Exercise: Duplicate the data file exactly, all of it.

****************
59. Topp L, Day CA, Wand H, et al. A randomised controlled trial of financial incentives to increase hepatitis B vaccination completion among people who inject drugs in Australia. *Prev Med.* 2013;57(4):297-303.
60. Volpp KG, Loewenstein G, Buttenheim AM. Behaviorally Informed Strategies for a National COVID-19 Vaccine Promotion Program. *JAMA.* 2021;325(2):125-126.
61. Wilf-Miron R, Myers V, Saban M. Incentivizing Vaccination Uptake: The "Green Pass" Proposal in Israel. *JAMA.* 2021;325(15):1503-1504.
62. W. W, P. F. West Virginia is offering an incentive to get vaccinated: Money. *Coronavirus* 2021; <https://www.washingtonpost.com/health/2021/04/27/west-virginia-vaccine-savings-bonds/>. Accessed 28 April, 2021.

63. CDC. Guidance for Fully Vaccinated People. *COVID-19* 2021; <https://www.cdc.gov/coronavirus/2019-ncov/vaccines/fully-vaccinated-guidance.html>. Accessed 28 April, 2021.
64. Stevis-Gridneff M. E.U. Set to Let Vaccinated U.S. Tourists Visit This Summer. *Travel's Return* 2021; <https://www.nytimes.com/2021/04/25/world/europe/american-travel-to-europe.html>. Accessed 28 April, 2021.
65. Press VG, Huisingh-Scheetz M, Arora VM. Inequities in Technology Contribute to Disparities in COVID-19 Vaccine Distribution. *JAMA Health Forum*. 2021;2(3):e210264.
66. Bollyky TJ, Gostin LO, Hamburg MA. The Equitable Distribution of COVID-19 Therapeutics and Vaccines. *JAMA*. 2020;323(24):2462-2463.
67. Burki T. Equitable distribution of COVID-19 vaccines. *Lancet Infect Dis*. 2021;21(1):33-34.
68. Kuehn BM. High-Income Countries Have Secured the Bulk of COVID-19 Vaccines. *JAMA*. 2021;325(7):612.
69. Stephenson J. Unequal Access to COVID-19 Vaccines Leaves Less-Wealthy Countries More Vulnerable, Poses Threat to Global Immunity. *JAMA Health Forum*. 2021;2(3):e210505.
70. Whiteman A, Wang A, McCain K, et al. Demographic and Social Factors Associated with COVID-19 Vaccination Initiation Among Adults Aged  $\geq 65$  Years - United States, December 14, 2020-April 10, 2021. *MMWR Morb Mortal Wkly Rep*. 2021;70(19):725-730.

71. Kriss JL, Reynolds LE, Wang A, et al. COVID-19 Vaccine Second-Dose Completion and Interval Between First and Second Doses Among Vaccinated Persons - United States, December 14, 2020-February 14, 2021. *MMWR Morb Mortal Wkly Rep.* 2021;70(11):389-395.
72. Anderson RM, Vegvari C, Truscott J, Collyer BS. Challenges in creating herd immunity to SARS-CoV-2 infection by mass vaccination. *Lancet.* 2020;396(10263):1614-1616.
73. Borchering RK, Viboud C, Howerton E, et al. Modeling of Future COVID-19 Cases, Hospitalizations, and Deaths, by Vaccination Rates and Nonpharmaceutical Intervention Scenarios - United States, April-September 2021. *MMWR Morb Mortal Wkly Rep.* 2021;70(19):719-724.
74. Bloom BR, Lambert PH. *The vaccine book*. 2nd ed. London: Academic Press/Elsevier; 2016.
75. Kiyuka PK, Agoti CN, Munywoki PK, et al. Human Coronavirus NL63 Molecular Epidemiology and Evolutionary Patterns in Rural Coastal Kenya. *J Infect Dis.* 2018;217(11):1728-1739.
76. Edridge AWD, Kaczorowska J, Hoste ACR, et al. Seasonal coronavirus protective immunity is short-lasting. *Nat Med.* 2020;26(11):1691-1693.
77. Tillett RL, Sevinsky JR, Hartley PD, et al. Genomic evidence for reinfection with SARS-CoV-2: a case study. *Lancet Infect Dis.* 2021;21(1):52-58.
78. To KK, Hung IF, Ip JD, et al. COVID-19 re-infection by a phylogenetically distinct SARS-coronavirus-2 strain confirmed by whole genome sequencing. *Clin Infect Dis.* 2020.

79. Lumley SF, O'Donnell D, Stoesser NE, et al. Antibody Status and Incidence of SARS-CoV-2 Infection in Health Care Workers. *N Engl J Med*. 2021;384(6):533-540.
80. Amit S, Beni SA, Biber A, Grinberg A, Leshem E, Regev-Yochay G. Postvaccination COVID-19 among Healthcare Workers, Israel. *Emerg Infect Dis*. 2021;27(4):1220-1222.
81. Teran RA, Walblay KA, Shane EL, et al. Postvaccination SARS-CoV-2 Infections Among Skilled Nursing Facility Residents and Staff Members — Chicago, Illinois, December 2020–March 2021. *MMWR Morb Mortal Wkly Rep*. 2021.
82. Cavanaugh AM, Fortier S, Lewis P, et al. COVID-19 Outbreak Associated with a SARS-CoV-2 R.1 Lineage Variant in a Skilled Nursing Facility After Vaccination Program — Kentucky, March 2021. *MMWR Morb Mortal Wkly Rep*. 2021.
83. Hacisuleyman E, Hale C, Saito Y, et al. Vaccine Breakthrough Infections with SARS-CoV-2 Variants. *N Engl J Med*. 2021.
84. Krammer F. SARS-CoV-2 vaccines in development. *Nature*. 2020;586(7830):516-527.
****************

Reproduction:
59. Topp L, Day CA, Wand H, et al. A randomised controlled trial of financial incentives to increase hepatitis B vaccination completion among people who inject drugs in Australia. *Prev Med.* 2013;57(4):297-303.
60. Volpp KG, Loewenstein G, Buttenheim AM. Behaviorally Informed Strategies for a National COVID-19 Vaccine Promotion Program. *JAMA.* 2021;325(2):125-126.
61. Wilf-Miron R, Myers V, Saban M. Incentivizing Vaccination Uptake: The "Green Pass" Proposal in Israel. *JAMA.* 2021;325(15):1503-1504.
62. W. W, P. F. West Virginia is offering an incentive to get vaccinated: Money. *Coronavirus* 2021; <https://www.washingtonpost.com/health/2021/04/27/west-virginia-vaccine-savings-bonds/>. Accessed 28 April, 2021.

63. CDC. Guidance for Fully Vaccinated People. *COVID-19* 2021; <https://www.cdc.gov/coronavirus/2019-ncov/vaccines/fully-vaccinated-guidance.html>. Accessed 28 April, 2021.
64. Stevis-Gridneff M. E.U. Set to Let Vaccinated U.S. Tourists Visit This Summer. *Travel's Return* 2021; <https://www.nytimes.com/2021/04/25/world/europe/american-travel-to-europe.html>. Accessed 28 April, 2021.
65. Press VG, Huisingh-Scheetz M, Arora VM. Inequities in Technology Contribute to Disparities in COVID-19 Vaccine Distribution. *JAMA Health Forum*. 2021;2(3):e210264.
66. Bollyky TJ, Gostin LO, Hamburg MA. The Equitable Distribution of COVID-19 Therapeutics and Vaccines. *JAMA*. 2020;323(24):2462-2463.
67. Burki T. Equitable distribution of COVID-19 vaccines. *Lancet Infect Dis*. 2021;21(1):33-34.
68. Kuehn BM. High-Income Countries Have Secured the Bulk of COVID-19 Vaccines. *JAMA*. 2021;325(7):612.
69. Stephenson J. Unequal Access to COVID-19 Vaccines Leaves Less-Wealthy Countries More Vulnerable, Poses Threat to Global Immunity. *JAMA Health Forum*. 2021;2(3):e210505.
70. Whiteman A, Wang A, McCain K, et al. Demographic and Social Factors Associated with COVID-19 Vaccination Initiation Among Adults Aged  $\geq 65$  Years - United States, December 14, 2020-April 10, 2021. *MMWR Morb Mortal Wkly Rep*. 2021;70(19):725-730.

71. Kriss JL, Reynolds LE, Wang A, et al. COVID-19 Vaccine Second-Dose Completion and Interval Between First and Second Doses Among Vaccinated Persons - United States, December 14, 2020-February 14, 2021. *MMWR Morb Mortal Wkly Rep.* 2021;70(11):389-395.
72. Anderson RM, Vegvari C, Truscott J, Collyer BS. Challenges in creating herd immunity to SARS-CoV-2 infection by mass vaccination. *Lancet.* 2020;396(10263):1614-1616.
73. Borchering RK, Viboud C, Howerton E, et al. Modeling of Future COVID-19 Cases, Hospitalizations, and Deaths, by Vaccination Rates and Nonpharmaceutical Intervention Scenarios - United States, April-September 2021. *MMWR Morb Mortal Wkly Rep.* 2021;70(19):719-724.
74. Bloom BR, Lambert PH. *The vaccine book*. 2nd ed. London: Academic Press/Elsevier; 2016.
75. Kiyuka PK, Agoti CN, Munywoki PK, et al. Human Coronavirus NL63 Molecular Epidemiology and Evolutionary Patterns in Rural Coastal Kenya. *J Infect Dis.* 2018;217(11):1728-1739.
76. Edridge AWD, Kaczorowska J, Hoste ACR, et al. Seasonal coronavirus protective immunity is short-lasting. *Nat Med.* 2020;26(11):1691-1693.
77. Tillett RL, Sevinsky JR, Hartley PD, et al. Genomic evidence for reinfection with SARS-CoV-2: a case study. *Lancet Infect Dis.* 2021;21(1):52-58.
78. To KK, Hung IF, Ip JD, et al. COVID-19 re-infection by a phylogenetically distinct SARS-coronavirus-2 strain confirmed by whole genome sequencing. *Clin Infect Dis.* 2020.

79. Lumley SF, O'Donnell D, Stoesser NE, et al. Antibody Status and Incidence of SARS-CoV-2 Infection in Health Care Workers. *N Engl J Med*. 2021;384(6):533-540.
80. Amit S, Beni SA, Biber A, Grinberg A, Leshem E, Regev-Yochay G. Postvaccination COVID-19 among Healthcare Workers, Israel. *Emerg Infect Dis*. 2021;27(4):1220-1222.
81. Teran RA, Walblay KA, Shane EL, et al. Postvaccination SARS-CoV-2 Infections Among Skilled Nursing Facility Residents and Staff Members — Chicago, Illinois, December 2020–March 2021. *MMWR Morb Mortal Wkly Rep*. 2021.
82. Cavanaugh AM, Fortier S, Lewis P, et al. COVID-19 Outbreak Associated with a SARS-CoV-2 R.1 Lineage Variant in a Skilled Nursing Facility After Vaccination Program — Kentucky, March 2021. *MMWR Morb Mortal Wkly Rep*. 2021.
83. Hacisuleyman E, Hale C, Saito Y, et al. Vaccine Breakthrough Infections with SARS-CoV-2 Variants. *N Engl J Med*. 2021.
84. Krammer F. SARS-CoV-2 vaccines in development. *Nature*. 2020;586(7830):516-527.